Dean Blais did it at Minnesota. Dave Hakstol did it at North Dakota. David Quinn did it at Boston University. Nate Leaman… did not.

Leaman did not start playing hockey until he was already a teenager in Kettering, Ohio, a suburb of Dayton and an hour north of Cincinnati. If anything, hockey’s status in the shadow of football and basketball in southwest Ohio allowed Leaman to break into what is usually a lifelong sport.

“Yeah, 13,” recalled the two-time captain at Division III SUNY Cortland, a top-20 scorer in the program’s history and a 2014 Red Dragons Hall of Fame inductee. “I don’t think I was gifted — I wouldn’t use the term gifted — it was more that I just became a rink rat. That was it. I ended up working at the rink; our high school team practiced before school, so I was often the guy closing the rink and then getting there first thing in the morning for practices.

“High school hockey in Ohio was so small that I was able to learn the game because it wasn’t a terrifically high level at that time. I was able to jump in, learn the game and get involved.”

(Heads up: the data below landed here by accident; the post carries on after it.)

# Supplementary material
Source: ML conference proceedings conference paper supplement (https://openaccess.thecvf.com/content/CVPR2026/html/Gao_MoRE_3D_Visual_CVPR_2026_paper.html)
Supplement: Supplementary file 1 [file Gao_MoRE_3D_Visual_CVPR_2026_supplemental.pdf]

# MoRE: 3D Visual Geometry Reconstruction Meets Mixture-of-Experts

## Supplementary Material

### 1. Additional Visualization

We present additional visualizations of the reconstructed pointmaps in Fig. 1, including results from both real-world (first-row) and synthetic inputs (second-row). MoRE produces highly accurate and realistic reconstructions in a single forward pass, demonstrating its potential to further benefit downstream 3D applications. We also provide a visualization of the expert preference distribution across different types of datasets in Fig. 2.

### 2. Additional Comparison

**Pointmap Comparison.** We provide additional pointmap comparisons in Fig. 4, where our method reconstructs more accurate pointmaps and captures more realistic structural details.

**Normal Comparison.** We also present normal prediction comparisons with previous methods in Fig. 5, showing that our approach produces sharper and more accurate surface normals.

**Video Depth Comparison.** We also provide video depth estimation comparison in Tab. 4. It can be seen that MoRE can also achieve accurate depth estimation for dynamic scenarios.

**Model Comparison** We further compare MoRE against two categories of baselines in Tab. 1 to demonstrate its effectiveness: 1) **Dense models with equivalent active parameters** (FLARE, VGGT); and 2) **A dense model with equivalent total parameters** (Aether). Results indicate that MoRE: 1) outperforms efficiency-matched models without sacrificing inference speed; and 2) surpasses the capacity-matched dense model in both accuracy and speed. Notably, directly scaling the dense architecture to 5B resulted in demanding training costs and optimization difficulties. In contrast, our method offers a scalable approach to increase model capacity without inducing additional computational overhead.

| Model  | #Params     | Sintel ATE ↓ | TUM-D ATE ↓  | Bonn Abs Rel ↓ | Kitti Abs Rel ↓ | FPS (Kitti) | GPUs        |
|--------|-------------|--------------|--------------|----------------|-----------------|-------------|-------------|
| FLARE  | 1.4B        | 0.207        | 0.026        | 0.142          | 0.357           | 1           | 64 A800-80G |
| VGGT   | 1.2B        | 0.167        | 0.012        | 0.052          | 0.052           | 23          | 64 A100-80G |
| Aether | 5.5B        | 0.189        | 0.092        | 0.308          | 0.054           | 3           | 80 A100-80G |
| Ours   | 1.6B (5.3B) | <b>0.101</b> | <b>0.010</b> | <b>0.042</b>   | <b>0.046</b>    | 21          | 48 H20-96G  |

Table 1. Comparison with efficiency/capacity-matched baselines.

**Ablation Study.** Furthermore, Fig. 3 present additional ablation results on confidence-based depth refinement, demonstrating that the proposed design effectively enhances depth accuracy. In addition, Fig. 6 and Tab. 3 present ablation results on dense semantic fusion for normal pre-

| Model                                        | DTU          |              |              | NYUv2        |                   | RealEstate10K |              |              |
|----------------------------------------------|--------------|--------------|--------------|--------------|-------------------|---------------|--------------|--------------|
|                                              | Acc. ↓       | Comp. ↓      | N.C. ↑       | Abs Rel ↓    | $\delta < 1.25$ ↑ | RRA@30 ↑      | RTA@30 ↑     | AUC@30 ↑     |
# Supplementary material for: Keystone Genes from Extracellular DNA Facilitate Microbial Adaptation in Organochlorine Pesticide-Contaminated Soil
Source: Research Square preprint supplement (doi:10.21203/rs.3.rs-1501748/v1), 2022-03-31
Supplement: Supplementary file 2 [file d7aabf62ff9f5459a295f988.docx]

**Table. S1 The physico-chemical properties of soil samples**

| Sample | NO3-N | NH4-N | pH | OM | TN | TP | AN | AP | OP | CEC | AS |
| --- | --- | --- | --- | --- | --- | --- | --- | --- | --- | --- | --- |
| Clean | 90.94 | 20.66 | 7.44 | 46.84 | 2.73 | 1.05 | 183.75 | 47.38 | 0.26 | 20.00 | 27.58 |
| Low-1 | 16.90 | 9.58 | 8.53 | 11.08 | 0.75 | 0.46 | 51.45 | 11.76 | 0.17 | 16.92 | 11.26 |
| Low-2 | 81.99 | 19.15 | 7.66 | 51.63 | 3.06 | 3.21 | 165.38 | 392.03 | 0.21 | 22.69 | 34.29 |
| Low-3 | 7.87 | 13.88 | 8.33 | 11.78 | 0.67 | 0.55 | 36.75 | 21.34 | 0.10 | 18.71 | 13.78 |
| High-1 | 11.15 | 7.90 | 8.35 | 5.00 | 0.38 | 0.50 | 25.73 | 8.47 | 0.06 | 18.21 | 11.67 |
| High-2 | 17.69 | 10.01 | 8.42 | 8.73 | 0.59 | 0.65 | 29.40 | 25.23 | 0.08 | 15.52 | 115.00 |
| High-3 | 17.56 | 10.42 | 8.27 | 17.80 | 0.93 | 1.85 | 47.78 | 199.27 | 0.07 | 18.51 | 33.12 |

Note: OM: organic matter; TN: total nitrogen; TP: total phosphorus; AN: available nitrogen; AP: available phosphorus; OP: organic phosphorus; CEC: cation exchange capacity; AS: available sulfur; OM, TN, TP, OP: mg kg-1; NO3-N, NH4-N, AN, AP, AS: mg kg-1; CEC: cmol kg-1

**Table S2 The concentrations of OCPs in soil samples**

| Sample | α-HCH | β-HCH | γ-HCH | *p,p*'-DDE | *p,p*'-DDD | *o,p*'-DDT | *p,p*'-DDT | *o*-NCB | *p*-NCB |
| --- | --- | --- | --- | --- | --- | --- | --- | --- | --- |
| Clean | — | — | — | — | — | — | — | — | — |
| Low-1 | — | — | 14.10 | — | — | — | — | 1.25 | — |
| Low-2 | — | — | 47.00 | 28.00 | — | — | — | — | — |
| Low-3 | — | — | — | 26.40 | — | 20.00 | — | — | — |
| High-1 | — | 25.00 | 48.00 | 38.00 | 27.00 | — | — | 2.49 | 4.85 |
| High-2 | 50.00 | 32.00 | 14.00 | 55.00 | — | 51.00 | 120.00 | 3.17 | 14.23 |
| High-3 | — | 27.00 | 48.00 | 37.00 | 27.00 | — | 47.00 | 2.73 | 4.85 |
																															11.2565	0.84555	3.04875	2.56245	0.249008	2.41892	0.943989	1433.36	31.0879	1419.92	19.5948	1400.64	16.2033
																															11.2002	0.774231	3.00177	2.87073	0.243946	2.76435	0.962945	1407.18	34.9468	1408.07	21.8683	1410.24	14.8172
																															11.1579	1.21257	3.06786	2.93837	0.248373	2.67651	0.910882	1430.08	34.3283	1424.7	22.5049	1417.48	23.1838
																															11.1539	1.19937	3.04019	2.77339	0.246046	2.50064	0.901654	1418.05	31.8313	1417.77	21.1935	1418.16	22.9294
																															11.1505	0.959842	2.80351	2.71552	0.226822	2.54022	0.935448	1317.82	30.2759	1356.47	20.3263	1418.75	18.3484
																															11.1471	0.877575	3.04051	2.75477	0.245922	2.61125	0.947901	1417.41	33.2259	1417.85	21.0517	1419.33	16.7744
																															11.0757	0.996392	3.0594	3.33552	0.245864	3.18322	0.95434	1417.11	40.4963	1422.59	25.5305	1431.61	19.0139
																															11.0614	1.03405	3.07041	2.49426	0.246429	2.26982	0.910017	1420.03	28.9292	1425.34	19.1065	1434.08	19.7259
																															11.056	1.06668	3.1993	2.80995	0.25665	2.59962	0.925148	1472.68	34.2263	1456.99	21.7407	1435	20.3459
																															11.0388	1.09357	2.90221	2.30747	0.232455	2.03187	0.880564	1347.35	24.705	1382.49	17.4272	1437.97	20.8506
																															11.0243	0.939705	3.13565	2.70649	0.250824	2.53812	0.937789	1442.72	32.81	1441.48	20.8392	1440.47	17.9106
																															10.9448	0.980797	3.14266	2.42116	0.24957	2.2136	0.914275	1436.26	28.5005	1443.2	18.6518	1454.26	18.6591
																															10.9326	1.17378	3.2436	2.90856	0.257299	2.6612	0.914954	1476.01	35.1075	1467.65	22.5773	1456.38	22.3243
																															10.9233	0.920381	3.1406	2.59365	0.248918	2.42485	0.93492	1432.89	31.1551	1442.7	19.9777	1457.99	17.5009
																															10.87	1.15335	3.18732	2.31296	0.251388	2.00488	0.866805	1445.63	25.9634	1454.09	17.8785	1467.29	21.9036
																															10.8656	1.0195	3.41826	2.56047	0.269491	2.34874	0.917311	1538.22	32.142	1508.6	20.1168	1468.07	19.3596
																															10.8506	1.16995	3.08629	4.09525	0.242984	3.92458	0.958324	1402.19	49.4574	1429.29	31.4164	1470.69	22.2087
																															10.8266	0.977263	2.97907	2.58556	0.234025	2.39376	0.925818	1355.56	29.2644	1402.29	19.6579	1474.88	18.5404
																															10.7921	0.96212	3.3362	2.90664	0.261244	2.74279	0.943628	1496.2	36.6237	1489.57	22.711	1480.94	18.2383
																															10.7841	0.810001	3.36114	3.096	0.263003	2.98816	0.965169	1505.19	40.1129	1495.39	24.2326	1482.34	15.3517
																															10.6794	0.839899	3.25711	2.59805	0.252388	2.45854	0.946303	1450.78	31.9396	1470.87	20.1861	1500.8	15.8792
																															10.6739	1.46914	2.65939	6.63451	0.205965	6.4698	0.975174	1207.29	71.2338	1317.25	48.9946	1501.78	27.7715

Leaman graduated with a degree in biological sciences and immediately pursued a master’s in the same subject at Maine.

“I was up there a couple weeks, probably a month. I was doing my master’s work in contaminants in biology and I realized I missed the game a little bit. My college coach put in a call to [longtime Maine coach] Shawn Walsh. Shawn Walsh said, ‘Come on in, I’ll sit down with you.’ He sat down with me for 20 minutes and helped me get a high school coaching job that year [at nearby Old Town High School].